November 17, 2017 16:38

World Toilet Day 2017 – How Alliance2015 members contribute to SDG6

When the United Nations launched the Sustainable Development Goals (SDGs) in 2015, they decided to dedicate one goal, number six, to “clean water and sanitation”. The reason is simple: toilets save lives. At least 1.8 billion people globally use a source of drinking water that is fecally contaminated, and each day, nearly 1,000 children die due to preventable water and sanitation-related diarrhoeal diseases.[1] Inadequate sanitation and hygiene practices and poor access to safe drinking water are key aspects in the cycle of disease, hunger and poverty.

Alliance2015 members are dedicated to contribution to the completion of the SDGs, particularly to help the most vulnerable populations and eradicate poverty and hunger. This includes working on water, sanitation and hygiene (WASH) programmes around the world to improve the access of vulnerable populations around the world to proper sanitation, including toilets.

Keep reading to find out about some projects our members are working on, and don’t forget to share!


Welthungerhilfe’s unique way to support hygiene in Liberia

In Liberia, SDG6 is far from being achieved, even in educational settings:

  • 55% of schools do not have access to functional water supply
  • 43% of schools do not have access to functional latrines
  • 82% of schools do not have handwashing facilities

Welthungerhilfe aims to change that, and supports school health clubs in Liberia. Pauline won a competition in hygiene trainings and holds the title „Miss Hygiene”.

“What I like the most about being Miss Hygiene is that it has taught me a lot about my own health and cleanliness. I cannot go and teach people if I don't follow what I preach."

Click here to read Pauline’s story, told by Welthungerhilfe Liberia!


People In Need calls for toilets that are safe and accessible.

Sixty percent of the global population still don’t have a toilet at home, or don’t have access to one that is sanitary or safe to use. People should not be afraid to use a toilet or prevented from working, learning or socialising because of its location. People In Need (PIN) thus implements different programmes to raise awareness and improve access to toilets. For instance, in Angola PIN has helped build over 10,000 new latrines in 200 villages.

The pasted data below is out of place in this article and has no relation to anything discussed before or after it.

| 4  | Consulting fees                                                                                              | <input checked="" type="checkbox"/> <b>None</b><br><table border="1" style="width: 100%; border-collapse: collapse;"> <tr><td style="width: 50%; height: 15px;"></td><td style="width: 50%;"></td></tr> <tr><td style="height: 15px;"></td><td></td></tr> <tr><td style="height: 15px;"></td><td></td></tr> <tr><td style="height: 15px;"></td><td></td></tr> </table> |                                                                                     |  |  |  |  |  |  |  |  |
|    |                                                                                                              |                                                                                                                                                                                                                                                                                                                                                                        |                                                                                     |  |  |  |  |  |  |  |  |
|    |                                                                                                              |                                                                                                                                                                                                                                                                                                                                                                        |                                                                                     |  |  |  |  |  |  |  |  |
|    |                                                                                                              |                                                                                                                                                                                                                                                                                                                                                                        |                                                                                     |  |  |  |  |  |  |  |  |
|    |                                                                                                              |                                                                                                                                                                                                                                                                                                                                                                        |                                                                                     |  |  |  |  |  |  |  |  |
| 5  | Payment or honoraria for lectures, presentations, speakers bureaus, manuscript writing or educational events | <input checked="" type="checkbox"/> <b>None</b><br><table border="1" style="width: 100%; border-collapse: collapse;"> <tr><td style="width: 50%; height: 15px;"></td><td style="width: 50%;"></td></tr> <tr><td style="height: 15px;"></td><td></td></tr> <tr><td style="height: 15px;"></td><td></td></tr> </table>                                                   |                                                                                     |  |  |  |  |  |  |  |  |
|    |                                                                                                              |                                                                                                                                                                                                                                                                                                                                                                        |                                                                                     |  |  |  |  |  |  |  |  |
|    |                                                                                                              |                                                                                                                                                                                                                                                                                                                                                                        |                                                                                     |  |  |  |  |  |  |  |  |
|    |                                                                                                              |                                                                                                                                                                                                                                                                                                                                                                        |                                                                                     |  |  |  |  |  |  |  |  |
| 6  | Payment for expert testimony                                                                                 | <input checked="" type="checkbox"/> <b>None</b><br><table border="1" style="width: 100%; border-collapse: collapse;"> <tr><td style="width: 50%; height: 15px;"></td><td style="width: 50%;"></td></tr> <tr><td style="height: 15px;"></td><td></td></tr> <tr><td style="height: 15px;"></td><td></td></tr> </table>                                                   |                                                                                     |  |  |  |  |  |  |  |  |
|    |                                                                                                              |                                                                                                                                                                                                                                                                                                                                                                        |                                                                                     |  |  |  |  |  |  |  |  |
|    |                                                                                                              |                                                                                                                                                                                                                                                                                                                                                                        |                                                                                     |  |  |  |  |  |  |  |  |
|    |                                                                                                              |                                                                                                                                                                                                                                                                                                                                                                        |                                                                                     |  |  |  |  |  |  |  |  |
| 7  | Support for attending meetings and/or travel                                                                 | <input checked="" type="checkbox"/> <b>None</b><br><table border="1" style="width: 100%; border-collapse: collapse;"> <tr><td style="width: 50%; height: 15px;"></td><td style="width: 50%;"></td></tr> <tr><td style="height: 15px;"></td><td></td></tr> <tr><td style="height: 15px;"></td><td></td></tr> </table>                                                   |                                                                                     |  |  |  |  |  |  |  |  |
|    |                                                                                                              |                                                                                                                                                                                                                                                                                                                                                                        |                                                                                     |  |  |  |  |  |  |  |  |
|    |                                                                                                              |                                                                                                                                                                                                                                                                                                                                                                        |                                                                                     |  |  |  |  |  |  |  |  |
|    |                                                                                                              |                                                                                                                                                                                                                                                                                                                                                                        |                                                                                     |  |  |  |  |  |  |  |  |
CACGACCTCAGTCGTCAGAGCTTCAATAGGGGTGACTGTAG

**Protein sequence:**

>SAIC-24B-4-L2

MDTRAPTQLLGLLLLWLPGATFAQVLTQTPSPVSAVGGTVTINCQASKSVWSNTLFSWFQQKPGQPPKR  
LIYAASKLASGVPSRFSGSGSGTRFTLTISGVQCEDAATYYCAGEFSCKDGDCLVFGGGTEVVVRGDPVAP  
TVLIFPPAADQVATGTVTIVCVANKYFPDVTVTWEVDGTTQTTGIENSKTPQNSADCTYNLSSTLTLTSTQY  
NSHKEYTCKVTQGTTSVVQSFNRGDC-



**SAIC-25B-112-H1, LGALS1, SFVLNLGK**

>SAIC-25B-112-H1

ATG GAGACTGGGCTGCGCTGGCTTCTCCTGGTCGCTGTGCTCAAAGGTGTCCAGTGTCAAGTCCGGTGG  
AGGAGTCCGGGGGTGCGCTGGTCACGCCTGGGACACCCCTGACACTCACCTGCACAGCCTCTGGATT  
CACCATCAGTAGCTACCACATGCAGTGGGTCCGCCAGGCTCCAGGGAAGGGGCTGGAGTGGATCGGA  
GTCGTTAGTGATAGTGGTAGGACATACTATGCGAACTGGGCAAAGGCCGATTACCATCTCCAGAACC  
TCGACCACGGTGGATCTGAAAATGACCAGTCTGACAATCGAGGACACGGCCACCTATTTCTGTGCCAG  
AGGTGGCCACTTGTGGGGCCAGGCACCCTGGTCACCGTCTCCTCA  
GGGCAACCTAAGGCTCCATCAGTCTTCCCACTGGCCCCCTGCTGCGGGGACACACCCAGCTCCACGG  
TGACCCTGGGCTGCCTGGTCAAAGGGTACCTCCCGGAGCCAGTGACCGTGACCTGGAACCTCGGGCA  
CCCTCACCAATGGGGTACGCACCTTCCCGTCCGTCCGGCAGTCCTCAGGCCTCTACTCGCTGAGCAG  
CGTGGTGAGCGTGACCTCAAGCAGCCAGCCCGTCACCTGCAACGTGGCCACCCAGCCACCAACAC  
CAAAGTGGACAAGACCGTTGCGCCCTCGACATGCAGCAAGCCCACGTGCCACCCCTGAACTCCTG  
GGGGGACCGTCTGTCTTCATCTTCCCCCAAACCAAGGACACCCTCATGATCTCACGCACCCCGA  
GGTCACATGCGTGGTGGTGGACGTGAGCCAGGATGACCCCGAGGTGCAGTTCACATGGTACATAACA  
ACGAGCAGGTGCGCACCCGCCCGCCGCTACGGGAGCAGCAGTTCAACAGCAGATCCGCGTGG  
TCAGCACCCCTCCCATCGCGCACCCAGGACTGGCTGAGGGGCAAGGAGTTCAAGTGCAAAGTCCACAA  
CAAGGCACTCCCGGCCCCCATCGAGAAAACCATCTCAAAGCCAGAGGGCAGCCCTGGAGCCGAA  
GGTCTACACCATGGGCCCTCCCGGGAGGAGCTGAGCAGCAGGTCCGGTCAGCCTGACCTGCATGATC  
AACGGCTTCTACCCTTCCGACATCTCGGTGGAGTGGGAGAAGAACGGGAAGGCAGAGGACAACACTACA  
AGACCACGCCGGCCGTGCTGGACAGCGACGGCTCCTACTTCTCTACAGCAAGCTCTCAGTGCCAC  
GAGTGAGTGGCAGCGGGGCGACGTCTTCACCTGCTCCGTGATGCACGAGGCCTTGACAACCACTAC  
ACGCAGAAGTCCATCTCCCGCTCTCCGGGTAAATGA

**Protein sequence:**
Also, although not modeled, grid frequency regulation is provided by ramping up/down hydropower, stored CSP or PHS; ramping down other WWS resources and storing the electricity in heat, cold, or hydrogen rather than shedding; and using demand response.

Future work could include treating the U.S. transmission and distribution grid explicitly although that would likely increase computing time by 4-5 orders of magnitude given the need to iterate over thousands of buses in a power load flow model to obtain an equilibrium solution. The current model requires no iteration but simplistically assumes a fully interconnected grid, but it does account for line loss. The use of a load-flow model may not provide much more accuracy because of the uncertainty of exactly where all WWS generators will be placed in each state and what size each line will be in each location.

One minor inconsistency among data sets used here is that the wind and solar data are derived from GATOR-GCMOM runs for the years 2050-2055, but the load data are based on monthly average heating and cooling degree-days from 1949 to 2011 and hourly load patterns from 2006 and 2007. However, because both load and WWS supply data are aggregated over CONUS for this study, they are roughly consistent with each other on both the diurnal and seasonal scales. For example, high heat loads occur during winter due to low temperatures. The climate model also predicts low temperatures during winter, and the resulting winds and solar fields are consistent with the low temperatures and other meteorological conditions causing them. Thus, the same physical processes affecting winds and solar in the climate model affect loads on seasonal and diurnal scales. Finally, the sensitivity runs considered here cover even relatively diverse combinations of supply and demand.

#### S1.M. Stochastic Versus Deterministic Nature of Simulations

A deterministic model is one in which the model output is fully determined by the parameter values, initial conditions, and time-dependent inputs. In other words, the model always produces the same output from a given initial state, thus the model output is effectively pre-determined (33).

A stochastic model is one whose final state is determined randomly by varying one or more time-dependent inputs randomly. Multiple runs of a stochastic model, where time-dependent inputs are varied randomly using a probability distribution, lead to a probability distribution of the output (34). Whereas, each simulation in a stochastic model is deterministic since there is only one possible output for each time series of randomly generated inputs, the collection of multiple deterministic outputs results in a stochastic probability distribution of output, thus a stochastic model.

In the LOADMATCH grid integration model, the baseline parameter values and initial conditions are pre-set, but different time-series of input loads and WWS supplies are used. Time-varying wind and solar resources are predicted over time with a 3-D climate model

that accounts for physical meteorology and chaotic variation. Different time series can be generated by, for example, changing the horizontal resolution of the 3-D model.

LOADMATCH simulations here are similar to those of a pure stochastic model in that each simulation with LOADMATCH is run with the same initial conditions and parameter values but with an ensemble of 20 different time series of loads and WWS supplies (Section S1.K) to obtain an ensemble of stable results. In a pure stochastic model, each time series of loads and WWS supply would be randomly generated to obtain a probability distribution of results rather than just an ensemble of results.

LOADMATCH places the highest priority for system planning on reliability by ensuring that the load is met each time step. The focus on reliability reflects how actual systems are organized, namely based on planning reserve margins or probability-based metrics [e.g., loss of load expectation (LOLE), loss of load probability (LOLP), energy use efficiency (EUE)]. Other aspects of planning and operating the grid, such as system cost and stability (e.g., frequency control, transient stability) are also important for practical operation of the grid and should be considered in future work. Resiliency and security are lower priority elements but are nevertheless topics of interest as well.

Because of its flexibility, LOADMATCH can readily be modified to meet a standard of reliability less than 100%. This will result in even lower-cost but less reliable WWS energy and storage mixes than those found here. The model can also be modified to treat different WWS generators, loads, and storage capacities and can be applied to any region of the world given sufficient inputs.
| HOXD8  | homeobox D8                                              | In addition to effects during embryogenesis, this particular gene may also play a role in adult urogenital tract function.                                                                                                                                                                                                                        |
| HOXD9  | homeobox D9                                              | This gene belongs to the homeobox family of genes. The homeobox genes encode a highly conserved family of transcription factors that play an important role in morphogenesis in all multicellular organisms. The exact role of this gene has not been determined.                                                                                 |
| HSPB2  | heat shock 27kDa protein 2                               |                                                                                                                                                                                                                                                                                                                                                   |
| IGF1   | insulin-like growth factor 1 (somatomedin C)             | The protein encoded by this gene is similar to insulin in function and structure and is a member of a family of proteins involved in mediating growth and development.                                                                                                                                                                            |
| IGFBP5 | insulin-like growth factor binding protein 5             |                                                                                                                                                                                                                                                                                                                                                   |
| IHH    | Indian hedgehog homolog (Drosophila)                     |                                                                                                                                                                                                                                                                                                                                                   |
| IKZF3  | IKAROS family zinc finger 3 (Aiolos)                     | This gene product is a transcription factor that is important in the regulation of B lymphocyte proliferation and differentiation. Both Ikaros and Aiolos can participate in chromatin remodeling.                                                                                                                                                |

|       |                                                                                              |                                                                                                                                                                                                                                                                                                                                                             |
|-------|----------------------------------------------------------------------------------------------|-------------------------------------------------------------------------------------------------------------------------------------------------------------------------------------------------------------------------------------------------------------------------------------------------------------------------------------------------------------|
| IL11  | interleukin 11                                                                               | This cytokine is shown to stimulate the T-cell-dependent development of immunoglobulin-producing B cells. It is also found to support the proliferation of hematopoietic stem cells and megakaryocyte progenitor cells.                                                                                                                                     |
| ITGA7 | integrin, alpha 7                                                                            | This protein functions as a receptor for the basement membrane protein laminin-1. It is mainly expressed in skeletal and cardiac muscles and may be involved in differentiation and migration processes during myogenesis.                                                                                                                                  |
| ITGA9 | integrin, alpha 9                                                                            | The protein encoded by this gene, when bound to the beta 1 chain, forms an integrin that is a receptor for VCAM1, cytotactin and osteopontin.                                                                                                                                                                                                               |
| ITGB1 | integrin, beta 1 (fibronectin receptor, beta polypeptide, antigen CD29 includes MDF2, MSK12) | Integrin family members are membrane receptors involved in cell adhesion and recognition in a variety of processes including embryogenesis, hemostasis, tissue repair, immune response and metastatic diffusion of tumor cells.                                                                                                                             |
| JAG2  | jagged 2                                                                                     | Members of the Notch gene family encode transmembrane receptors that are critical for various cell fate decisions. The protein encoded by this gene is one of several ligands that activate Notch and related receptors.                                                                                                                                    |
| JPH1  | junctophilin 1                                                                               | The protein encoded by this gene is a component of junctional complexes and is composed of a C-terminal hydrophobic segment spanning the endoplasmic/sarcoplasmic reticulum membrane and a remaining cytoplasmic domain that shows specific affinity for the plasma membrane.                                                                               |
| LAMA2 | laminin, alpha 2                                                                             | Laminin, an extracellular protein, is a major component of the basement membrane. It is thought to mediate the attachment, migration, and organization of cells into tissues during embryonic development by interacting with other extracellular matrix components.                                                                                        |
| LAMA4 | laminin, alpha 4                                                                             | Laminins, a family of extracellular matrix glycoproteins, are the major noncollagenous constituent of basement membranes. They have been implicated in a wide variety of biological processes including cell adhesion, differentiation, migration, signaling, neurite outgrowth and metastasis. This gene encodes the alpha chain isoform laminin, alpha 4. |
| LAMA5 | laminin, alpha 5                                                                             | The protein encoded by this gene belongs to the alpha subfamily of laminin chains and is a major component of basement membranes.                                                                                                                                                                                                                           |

Click here to watch the video: “Popping to the loo? Count yourself lucky!”


HELVETAS Swiss Intercooperation turns latrines into status symbols

In Nepal, only about 40% of households have a latrine and roughly half have access to clean drinking water. Thanks to the work of HELVETAS, the village of Ghanteshwor in western Nepal defies those numbers: it has as many toilets as houses. For the villagers, this means they can live in dignity and good health; for the latrine-builders, it means a secure income.

Find out how HELVETAS turned latrines into a symbol of pride.


ACTED “triggers” local communities in Afghanistan to end open defecation

Lack of sanitation and high levels of open defecation greatly increase the prevalence of diarrheal disease, the second leading cause of death among children, and generate birth defects. ACTED, alongside nine national and international partners, implemented an innovative project to end open defecation in the Kishim and Shahr-e-Buzorg districts in Badakhshan province, Afghanistan. Communities are ‘triggered’ to build the latrines independently, without any help from NGOs or government

Find out more about how ACTED triggers community change in Afghanistan.


Concern Worldwide helps communities recover after Ebola in Sierra Leone

Concern Worldwide has been working in Sierra Leone since 1996, and thus responded to the Ebola crisis when it broke out. But the work hasn’t stopped there. In the wake of the Ebola outbreak Concern has been upgrading water and sanitation facilities at Health Centres throughout the Tonkolili district in Sierra Leone. Work at the Yele Community Health Centre includes the installation of new latrines, shower facilities, sinks, taps, a new incinerator, pits for the disposal of waste material and an isolation unit.

Click here to read more about the work in Sierra Leone.


Cesvi worked in Myanmar to help refugees access sanitation

Due to armed conflict in Kachin, in north-east Myanmar, hundreds of families were forced to flee their homes. 209 families stayed in the Mai Khaung KBC refugee camp, access to sanitation and hygiene soon became a problem. Cesvi intervened, building emergency latrines and water distribution areas in the camp and distributing water bottles and sanitation kits. To improve hygiene practices, Cesvi also ran a campaigns to raise awareness.

Read the full blog post in Italian.

[1] Source: UN Sustainable Development Goals, November 2017: